The number of each specialty group who were confident (either “confident in some cases” or “confident in most cases”) in relation to 8 different aspects of diabetes diagnosis and management is shown in Table 4. In all cases physicians were more likely to report confidence.
The number of each group who frequently (“always”, “almost always” or “often”) engage in a different aspect of diabetes care is shown in Table 5. There are significant differences between these groups. Trainees aspiring to be physicians are more likely to engage in different aspects of diabetes care. There is a non significant higher percentage of primary care trainees willing to advise on lifestyle, but not as willing to adjust oral treatment in type 2 diabetes.
The numbers who reported their training to be adequate in relation to diagnosis or treatment optimisation in diabetes and those who reported a need for further training is shown in Table 6. There were significant differences between the specialty groups when answering about previous training and perception of future training needs. Aspiring physicians were less likely to feel the need for more training in diabetes care, however a clear majority still felt they needed more training in all aspects of care.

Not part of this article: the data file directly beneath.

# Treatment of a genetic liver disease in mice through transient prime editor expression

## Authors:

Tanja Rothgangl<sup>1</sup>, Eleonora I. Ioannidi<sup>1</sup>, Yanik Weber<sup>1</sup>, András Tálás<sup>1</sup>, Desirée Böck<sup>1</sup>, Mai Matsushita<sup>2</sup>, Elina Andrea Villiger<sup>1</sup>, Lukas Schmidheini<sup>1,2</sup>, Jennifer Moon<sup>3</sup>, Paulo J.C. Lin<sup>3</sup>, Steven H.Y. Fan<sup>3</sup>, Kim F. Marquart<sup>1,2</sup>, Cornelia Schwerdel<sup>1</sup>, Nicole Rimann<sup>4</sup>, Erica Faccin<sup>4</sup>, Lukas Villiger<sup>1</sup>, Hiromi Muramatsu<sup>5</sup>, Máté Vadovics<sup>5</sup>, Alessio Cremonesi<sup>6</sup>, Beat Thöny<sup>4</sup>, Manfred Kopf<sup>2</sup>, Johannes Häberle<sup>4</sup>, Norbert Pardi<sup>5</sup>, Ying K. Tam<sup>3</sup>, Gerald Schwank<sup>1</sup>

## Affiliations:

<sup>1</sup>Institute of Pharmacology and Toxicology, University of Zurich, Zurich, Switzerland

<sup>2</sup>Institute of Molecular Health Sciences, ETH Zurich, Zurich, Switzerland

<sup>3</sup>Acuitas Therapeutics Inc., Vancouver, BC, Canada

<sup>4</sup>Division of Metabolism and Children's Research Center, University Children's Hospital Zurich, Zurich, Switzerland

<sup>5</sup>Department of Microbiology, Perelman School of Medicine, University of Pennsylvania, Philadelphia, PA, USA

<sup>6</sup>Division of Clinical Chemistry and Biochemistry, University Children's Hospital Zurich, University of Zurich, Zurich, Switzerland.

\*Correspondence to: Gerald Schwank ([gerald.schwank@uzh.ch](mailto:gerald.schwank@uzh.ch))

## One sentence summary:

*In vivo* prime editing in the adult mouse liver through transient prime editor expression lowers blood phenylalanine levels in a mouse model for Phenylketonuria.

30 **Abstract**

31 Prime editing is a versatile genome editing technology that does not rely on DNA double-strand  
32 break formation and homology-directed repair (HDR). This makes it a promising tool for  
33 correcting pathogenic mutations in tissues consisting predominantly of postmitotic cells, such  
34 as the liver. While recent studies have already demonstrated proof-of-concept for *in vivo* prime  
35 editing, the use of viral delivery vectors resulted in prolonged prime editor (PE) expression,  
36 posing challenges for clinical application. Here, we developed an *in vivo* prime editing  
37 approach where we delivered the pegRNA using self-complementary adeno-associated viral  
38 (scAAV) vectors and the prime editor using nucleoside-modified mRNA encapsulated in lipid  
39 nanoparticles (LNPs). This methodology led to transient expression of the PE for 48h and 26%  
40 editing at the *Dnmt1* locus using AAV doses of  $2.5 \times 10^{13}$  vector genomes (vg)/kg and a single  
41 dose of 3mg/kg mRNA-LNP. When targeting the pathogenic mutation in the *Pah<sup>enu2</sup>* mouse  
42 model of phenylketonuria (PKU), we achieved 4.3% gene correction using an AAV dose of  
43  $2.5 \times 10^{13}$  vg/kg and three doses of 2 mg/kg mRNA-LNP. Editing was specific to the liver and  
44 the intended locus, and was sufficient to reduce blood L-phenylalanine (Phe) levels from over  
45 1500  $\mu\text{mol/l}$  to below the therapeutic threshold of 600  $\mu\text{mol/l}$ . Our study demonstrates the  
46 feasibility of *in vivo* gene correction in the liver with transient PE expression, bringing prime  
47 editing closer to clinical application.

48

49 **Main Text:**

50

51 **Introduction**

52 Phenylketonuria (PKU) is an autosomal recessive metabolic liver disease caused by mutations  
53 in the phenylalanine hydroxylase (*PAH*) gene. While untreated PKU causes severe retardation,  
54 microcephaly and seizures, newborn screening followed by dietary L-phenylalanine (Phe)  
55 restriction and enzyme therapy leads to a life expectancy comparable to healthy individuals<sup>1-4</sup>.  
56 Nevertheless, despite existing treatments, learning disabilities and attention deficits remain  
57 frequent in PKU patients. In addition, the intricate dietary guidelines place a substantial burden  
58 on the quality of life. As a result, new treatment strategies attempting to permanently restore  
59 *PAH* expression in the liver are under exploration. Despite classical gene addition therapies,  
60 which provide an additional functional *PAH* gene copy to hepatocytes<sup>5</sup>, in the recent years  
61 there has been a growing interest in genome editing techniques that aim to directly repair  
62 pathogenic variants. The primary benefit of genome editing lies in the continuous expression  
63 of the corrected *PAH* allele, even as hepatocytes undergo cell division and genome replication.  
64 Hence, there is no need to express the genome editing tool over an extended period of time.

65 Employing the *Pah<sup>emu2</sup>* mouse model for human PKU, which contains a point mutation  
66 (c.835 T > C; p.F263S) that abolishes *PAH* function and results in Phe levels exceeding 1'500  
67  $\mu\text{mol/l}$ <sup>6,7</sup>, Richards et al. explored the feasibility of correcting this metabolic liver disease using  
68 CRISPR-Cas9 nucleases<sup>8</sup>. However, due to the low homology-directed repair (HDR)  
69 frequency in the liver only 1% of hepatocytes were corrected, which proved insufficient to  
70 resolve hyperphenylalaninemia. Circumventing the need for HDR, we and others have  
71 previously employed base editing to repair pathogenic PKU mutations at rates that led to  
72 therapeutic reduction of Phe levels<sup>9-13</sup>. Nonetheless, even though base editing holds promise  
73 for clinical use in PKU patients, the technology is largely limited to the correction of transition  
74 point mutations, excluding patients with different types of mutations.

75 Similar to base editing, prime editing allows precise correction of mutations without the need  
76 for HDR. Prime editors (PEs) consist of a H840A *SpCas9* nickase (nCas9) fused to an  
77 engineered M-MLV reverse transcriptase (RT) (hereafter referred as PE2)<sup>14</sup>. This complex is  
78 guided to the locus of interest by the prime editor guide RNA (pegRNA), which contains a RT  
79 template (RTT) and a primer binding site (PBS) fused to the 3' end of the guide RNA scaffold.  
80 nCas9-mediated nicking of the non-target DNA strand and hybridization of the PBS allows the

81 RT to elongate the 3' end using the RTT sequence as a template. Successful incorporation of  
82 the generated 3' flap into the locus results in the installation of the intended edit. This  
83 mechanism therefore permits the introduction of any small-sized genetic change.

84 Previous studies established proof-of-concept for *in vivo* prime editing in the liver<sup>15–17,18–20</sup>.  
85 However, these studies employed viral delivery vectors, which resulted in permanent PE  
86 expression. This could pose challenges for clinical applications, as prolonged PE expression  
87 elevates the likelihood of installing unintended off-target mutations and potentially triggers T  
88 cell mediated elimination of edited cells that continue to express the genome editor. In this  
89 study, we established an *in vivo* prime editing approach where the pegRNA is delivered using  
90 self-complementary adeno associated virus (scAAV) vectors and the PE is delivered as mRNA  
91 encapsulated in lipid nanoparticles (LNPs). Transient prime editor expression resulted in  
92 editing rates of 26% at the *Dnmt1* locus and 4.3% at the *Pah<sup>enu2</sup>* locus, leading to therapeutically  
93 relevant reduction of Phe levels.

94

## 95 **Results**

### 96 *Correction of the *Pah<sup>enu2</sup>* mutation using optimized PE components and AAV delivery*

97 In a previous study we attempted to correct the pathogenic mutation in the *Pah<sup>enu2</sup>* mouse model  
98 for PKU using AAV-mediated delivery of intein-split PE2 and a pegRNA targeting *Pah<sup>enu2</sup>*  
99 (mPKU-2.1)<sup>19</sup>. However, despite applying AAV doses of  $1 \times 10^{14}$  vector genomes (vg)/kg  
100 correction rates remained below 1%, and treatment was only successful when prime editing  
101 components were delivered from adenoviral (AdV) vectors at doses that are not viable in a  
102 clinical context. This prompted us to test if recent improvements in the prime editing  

The TOPDOC diabetes study reported that trainee doctors, as a whole, lack sufficient confidence in dealing with diabetes related issues when caring for inpatients . Further analysis of the data shows some significant, but minor, differences between different groups of trainees when looking at confidence, current practice, and perception of training needs.